SCAMPER is a technique developed by Alex Osborn, described in his book
Applied Imagination. SCAMPER is an acronym for "substitute, combine,
adapt, modify, put to another use, eliminate, reverse." It is used for
encouraging divergent thinking.

PPCo is also an acronym: "positives, potentials, concerns, overcoming
concerns." It was developed by Roger Firestien and Diane
Foucar-Szocki; it is used for convergent thinking.

What follows is a brief summary of our using a small sampling of the
SCAMPER and PPCo methods.

----

We started by focusing on "Substitute" as our divergent thinking
technique. We set a goal of coming up with at least five ideas
(quantity) as we thought about replacing parts of Sugar with
alternatives; making changes to the Journal, adding a new Sugar
component, or coming up with lesson plans to suggest the use of Sugar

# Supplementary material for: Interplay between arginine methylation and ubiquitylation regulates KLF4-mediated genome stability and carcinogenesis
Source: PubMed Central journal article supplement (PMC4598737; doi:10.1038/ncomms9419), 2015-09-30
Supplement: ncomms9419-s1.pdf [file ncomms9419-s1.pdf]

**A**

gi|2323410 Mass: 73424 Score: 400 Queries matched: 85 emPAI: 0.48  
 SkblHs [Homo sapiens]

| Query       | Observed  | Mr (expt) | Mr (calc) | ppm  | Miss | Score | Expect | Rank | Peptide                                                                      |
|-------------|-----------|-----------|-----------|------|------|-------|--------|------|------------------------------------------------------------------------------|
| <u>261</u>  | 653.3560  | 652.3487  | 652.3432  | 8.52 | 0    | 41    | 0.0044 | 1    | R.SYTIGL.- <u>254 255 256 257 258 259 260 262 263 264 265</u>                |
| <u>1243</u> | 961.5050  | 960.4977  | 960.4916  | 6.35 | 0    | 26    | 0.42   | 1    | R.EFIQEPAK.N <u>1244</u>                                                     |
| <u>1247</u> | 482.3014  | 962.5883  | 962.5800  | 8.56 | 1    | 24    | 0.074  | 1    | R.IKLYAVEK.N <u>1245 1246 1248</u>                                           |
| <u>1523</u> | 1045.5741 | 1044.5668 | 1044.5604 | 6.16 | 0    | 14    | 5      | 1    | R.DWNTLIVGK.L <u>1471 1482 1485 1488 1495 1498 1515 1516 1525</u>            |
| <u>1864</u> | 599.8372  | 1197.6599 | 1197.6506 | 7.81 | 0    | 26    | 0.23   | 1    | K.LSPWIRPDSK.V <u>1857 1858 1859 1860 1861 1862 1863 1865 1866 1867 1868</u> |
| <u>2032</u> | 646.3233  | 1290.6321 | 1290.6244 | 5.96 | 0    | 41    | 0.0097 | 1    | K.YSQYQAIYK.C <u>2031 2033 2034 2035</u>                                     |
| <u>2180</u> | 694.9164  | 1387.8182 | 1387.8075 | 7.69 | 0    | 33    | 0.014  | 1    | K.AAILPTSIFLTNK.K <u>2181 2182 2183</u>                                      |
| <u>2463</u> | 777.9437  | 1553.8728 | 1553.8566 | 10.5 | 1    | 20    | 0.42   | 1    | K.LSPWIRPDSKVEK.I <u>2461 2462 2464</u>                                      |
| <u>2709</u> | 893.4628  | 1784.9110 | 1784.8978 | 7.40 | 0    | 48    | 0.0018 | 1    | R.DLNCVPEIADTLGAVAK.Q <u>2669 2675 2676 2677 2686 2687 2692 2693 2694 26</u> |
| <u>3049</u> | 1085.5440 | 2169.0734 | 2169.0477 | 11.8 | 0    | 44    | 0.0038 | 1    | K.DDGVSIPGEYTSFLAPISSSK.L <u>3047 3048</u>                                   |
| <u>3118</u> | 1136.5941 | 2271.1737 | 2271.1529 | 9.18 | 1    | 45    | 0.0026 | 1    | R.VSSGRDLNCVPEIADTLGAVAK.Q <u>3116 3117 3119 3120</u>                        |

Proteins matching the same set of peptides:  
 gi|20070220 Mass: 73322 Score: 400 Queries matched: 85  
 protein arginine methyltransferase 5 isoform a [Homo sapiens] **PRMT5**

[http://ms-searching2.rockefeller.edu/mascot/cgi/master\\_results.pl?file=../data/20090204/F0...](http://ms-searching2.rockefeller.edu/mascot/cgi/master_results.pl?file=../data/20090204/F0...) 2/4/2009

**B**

in some more creative ways. Some of our ideas included: making a
SCAMPER example from an existing activity; making SCAMPER "cards" with
helper questions for each activity (in the spirit of Squeak Cards);
creating a math example where we ask students to come up with multiple
proofs, multiple uses, and multiple implications of each new concept;
a peer-edit extension to the Write activity where the editing is
focused on a SCAMPER activity; a template for the Portfolio that would
encourage the use of SCAMPER to expand upon work in the Journal; using
SCAMPER and PPCo to organize the bulletin board; a SCAMPER activity;
SCAMPER channels in IRC; SCAMPER tags in the Journal;
inter-generational SCAMPERing; a SCAMPER visualization of Journal
content; and a version of sharing where those who join an activity
engage in a SCAMPER or PPCo activity.

We then used PPCo to critique our ideas, using some stock questions to
organize our convergent thinking activity: "How to?", "In what ways
might we?", "How might I?", "What are all the ways to?"

We itemized the positives of embodying SCAMPER into to sample Sugar activities:

* They would easy and quick to prototype;
* They would not be content specific;
* They would be an easy way to get the community to test the idea;
* Anyone can do it;
* It would be easy to share the results;
* They would give us a simple framework for evaluating the idea.


We also itemized the potentials of embodying SCAMPER into to sample